Silicone Rubber Molding
Silicone rubber is a synthetic rubber created by mixing silicon with carbon, hydrogen, oxygen and sometimes other additives.
Silicone rubber differs from other polymers in that it does not have a carbon backbone, but a Si-O-Si backbone. Also, even though it is a polymer, silicone rubber acts like an elastomer; it can be very flexible and elastic.
Silicone rubber can be engineered in many different grades. These grades distinguish themselves from each other in terms of their respective qualities of steam resistance, electrical conductivity, flame resistance, metal detectability, chemical resistance and other physical properties.
Most silicone rubber varieties share in common naturally-occurring qualities of high electrical insulation, resistance to extreme temperatures, chemical inertness and resilience in harsh environments.
Silicone rubber can be molded into an unending list of indispensable products that are used across industry and commerce; medical devices, gaskets, lab instruments, automotive heating hoses, shaft sealing rings, door seals, o-rings, spark plug caps and rubber grommets can all be made using the silicone rubber molding process.
The aerospace, medical, automotive, construction, electronics, appliance manufacturing, architecture, petrochemical and pharmaceutical industries all make use of silicone rubber products.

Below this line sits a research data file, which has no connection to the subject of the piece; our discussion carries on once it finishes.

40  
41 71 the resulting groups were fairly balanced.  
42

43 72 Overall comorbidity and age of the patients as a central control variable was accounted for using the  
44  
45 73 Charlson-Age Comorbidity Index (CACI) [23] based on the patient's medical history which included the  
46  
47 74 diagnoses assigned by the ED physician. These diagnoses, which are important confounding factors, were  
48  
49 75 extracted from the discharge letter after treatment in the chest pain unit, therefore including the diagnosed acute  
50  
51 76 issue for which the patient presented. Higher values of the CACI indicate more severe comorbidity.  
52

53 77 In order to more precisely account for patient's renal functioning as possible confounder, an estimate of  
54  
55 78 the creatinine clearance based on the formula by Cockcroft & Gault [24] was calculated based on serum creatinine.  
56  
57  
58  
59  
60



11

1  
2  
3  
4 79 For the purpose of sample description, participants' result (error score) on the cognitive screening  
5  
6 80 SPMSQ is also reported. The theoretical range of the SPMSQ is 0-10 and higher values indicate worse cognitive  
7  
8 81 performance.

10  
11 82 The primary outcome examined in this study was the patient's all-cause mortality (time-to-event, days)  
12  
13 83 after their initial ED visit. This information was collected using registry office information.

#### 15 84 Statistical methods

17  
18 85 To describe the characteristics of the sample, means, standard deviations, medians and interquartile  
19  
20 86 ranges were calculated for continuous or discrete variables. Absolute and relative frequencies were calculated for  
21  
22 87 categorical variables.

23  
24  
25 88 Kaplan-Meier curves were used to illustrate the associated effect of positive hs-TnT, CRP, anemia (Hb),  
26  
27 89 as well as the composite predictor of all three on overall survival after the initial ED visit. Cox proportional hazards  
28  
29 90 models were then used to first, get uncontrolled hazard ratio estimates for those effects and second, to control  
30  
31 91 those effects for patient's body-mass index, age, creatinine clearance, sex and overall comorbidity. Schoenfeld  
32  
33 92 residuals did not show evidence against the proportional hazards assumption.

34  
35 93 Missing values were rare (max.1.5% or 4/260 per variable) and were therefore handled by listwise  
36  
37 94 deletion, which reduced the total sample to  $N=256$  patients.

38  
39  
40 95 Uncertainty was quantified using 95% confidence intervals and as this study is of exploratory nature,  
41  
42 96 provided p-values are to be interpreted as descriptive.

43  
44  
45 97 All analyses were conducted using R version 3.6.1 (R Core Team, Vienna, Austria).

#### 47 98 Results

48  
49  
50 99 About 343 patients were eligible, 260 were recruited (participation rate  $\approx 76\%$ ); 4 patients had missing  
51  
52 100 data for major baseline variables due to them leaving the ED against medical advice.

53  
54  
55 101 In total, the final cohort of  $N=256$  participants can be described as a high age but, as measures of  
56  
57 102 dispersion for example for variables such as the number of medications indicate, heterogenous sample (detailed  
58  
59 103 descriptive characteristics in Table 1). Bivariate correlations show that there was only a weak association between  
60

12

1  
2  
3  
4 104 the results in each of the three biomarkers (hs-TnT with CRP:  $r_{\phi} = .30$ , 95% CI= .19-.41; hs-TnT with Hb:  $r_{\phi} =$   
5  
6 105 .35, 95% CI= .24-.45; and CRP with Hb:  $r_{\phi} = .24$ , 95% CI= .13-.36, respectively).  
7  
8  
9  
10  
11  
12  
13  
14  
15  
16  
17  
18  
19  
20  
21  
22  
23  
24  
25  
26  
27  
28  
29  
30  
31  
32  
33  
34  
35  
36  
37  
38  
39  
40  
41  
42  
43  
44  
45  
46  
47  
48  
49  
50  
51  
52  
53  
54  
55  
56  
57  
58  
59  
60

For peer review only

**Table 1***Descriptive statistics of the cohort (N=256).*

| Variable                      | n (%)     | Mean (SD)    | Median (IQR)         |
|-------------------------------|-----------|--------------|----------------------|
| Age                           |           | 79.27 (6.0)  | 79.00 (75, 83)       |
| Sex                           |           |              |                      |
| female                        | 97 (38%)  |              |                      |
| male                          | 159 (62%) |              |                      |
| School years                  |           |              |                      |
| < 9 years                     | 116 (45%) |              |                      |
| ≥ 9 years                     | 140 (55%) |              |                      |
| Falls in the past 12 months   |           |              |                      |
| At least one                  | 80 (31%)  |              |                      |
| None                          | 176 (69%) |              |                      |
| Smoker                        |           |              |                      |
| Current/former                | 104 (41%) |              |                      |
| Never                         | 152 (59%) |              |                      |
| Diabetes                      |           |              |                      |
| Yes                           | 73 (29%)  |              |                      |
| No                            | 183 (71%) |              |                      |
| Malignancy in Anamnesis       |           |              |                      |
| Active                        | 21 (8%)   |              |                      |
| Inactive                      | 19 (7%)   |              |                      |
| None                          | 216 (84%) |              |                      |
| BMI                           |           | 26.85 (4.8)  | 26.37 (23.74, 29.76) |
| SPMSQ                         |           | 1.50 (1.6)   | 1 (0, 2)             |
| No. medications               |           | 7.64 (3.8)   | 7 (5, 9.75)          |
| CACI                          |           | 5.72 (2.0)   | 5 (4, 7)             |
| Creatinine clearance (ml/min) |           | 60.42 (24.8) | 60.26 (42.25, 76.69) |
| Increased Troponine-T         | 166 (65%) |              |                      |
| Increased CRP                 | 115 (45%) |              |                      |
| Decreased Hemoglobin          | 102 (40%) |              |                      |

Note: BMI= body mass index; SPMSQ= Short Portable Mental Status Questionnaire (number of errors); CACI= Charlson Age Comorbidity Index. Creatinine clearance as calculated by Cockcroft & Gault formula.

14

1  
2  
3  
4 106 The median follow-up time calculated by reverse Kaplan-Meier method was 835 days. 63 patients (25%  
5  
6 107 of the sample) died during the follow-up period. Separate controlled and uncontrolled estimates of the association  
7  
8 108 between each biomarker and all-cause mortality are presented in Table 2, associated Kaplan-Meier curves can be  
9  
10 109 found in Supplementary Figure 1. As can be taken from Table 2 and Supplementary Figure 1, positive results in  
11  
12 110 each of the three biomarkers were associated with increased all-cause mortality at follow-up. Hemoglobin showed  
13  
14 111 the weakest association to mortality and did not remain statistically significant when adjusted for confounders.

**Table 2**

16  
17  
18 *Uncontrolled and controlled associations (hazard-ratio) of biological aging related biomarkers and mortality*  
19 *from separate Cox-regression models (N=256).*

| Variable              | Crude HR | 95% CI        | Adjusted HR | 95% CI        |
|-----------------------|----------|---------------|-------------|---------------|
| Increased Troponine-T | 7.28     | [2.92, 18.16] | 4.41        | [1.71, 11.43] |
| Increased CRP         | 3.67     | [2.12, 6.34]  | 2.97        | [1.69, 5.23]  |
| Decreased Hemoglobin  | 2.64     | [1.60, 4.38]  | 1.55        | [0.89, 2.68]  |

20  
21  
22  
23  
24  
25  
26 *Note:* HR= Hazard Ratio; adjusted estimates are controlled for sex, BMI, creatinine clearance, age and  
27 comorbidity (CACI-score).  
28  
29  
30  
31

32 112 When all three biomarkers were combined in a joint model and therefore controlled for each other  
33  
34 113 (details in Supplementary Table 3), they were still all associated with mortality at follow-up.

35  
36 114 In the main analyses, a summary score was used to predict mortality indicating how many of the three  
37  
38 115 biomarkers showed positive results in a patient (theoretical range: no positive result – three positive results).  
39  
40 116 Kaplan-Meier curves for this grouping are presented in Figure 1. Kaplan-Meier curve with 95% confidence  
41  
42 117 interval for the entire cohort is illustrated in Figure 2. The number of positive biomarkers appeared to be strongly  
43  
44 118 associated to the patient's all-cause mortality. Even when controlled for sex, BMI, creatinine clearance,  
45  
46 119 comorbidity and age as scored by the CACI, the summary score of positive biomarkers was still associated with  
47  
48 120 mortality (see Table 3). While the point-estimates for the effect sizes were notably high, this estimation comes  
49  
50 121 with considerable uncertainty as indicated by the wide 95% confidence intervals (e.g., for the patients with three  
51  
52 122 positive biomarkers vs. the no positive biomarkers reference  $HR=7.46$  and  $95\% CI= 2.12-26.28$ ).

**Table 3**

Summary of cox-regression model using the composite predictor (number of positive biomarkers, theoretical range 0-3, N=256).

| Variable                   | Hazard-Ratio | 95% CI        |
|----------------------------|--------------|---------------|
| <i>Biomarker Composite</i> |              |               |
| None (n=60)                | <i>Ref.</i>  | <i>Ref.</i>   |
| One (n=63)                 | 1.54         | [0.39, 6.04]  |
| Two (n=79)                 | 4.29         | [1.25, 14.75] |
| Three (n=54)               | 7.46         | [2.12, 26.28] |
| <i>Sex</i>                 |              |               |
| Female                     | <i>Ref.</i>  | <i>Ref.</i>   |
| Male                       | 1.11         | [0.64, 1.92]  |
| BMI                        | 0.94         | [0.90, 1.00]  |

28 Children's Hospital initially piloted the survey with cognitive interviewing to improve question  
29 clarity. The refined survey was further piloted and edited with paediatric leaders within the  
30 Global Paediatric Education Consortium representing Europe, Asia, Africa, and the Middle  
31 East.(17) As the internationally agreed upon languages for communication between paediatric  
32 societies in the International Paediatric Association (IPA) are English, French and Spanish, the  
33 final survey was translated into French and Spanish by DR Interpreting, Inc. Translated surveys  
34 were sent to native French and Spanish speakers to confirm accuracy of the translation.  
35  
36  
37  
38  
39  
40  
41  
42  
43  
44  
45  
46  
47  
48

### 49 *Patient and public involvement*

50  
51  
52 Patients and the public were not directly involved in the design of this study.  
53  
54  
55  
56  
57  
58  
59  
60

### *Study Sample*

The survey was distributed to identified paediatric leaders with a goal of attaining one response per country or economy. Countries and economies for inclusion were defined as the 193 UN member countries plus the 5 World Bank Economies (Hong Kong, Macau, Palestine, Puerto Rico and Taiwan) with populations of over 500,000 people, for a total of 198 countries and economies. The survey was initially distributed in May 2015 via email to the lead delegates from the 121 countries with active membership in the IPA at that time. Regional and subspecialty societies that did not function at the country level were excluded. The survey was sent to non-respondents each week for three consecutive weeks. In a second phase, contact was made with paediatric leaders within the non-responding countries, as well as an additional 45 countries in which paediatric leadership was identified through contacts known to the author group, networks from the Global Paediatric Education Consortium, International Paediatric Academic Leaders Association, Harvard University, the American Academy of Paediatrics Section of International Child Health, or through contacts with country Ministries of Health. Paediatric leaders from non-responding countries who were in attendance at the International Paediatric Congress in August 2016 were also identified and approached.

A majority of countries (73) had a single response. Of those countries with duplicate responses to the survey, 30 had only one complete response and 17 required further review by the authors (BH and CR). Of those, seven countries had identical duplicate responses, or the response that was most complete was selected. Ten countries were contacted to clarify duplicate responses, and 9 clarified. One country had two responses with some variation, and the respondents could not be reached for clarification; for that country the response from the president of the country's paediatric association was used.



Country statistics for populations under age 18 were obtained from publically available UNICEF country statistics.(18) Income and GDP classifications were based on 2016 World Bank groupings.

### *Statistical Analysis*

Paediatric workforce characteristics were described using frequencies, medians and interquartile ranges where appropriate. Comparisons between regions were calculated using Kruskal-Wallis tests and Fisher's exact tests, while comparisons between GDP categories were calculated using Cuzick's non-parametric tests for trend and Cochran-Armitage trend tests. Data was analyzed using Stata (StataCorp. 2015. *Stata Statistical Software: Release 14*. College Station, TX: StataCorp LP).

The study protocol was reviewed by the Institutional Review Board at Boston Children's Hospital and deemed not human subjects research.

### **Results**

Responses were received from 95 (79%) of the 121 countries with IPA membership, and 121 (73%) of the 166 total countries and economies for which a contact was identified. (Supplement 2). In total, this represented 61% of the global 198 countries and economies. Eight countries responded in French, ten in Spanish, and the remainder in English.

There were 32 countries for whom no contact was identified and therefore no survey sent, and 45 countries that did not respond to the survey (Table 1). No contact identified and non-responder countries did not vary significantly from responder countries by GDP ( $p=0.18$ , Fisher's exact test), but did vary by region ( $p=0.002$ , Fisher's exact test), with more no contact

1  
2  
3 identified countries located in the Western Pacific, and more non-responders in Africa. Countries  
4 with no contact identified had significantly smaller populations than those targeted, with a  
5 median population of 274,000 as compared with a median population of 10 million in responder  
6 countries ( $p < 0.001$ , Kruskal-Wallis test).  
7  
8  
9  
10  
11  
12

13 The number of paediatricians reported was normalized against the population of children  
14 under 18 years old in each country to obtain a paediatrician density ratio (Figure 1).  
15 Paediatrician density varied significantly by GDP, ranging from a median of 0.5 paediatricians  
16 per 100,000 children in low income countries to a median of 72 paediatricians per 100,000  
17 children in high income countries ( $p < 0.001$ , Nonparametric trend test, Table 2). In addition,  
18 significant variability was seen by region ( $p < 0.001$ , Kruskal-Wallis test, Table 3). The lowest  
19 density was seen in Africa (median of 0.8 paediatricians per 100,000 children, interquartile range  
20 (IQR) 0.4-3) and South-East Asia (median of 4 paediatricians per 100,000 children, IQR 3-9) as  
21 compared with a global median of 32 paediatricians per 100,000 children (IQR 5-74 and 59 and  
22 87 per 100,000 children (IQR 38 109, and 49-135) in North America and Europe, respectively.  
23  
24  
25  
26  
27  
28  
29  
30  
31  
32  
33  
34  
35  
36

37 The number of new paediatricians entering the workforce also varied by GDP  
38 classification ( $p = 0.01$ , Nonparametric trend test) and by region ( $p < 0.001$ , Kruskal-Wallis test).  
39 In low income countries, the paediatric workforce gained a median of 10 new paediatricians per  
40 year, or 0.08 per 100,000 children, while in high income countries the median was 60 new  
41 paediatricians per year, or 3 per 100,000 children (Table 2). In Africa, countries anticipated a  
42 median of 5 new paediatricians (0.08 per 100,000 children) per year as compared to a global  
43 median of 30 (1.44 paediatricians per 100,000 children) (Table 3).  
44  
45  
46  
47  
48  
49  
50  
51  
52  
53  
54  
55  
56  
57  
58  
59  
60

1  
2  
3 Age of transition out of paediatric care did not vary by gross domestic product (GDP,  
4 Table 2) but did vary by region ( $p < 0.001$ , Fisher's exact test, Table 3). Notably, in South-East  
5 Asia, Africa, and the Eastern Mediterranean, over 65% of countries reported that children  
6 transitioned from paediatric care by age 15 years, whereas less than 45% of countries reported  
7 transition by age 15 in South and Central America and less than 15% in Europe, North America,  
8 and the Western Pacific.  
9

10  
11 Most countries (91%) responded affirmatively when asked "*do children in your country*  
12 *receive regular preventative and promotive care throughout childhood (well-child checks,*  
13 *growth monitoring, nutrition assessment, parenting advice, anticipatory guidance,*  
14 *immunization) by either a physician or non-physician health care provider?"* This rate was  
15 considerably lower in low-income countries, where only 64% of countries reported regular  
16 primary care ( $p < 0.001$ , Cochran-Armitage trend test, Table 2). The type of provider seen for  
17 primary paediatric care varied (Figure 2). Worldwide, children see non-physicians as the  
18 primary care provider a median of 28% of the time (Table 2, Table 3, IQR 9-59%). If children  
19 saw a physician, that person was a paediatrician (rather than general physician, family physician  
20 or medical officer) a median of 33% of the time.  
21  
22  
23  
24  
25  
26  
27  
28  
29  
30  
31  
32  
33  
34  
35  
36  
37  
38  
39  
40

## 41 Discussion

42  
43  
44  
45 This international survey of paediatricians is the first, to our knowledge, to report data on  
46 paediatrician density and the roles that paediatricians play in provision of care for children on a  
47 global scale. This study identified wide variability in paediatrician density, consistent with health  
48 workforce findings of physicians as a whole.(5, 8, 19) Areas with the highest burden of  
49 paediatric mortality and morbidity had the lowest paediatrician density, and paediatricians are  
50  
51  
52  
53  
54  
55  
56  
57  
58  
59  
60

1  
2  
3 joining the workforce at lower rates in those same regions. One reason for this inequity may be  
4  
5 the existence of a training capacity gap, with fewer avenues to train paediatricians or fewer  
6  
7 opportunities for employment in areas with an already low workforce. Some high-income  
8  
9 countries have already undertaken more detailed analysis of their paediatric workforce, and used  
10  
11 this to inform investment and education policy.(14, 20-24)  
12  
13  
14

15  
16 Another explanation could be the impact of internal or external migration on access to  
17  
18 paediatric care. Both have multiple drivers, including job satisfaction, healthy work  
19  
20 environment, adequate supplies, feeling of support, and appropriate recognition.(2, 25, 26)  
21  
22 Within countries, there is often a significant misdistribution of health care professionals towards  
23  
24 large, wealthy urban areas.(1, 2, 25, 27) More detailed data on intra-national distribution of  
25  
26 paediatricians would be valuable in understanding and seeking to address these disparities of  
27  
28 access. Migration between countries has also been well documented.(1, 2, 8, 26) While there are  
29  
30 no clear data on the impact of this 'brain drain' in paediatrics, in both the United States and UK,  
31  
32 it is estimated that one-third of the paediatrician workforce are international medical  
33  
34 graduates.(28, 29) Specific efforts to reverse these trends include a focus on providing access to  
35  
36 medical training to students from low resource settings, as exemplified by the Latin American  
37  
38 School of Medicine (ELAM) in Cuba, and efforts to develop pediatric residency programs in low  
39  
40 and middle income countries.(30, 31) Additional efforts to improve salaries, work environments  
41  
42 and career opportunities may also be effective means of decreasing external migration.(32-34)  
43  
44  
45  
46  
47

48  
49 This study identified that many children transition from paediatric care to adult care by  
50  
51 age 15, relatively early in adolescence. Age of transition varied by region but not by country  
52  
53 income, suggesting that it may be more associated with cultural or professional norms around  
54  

Silicone rubber molding is accomplished in five different ways: cast molding, injection molding, compression molding, transfer molding and dip molding.
The cast molding process involves pouring silicone rubber in its liquid form into an open mold, which is a hollow cavity in which the silicone rubber solidifies and takes shape.
The injection molding process involves a collection of raw silicone rubber, which is melted in a long channel by friction caused by a large, turning screw. Once molten, the silicone rubber is injected into a mold cavity that gives the rubber its shape, after which the silicone rubber cools and hardens.
In compression molding, silicone rubber is preheated and squeezed into a heated mold cavity. Pressure is then applied to force the silicone rubber into contact with every mold surface, which creates a precisely-molded finished product.
The transfer molding process involves a plunger-like device built into a mold. First, the silicone rubber is injected into the mold’s cavity through small holes, after which a piece of uncured silicone rubber is placed in a chamber.
The mold is closed and hydraulic pressure is used to force the silicone rubber through a small hole into the cavity. The mold is held closed while the silicone rubber cures.
Lastly, in dip molding silicone rubber is kept in a liquid state while heated and primed aluminum or steel molds are dipped into the liquid silicone rubber from an overhanging rack.
Silicone Rubber Molding Informational Video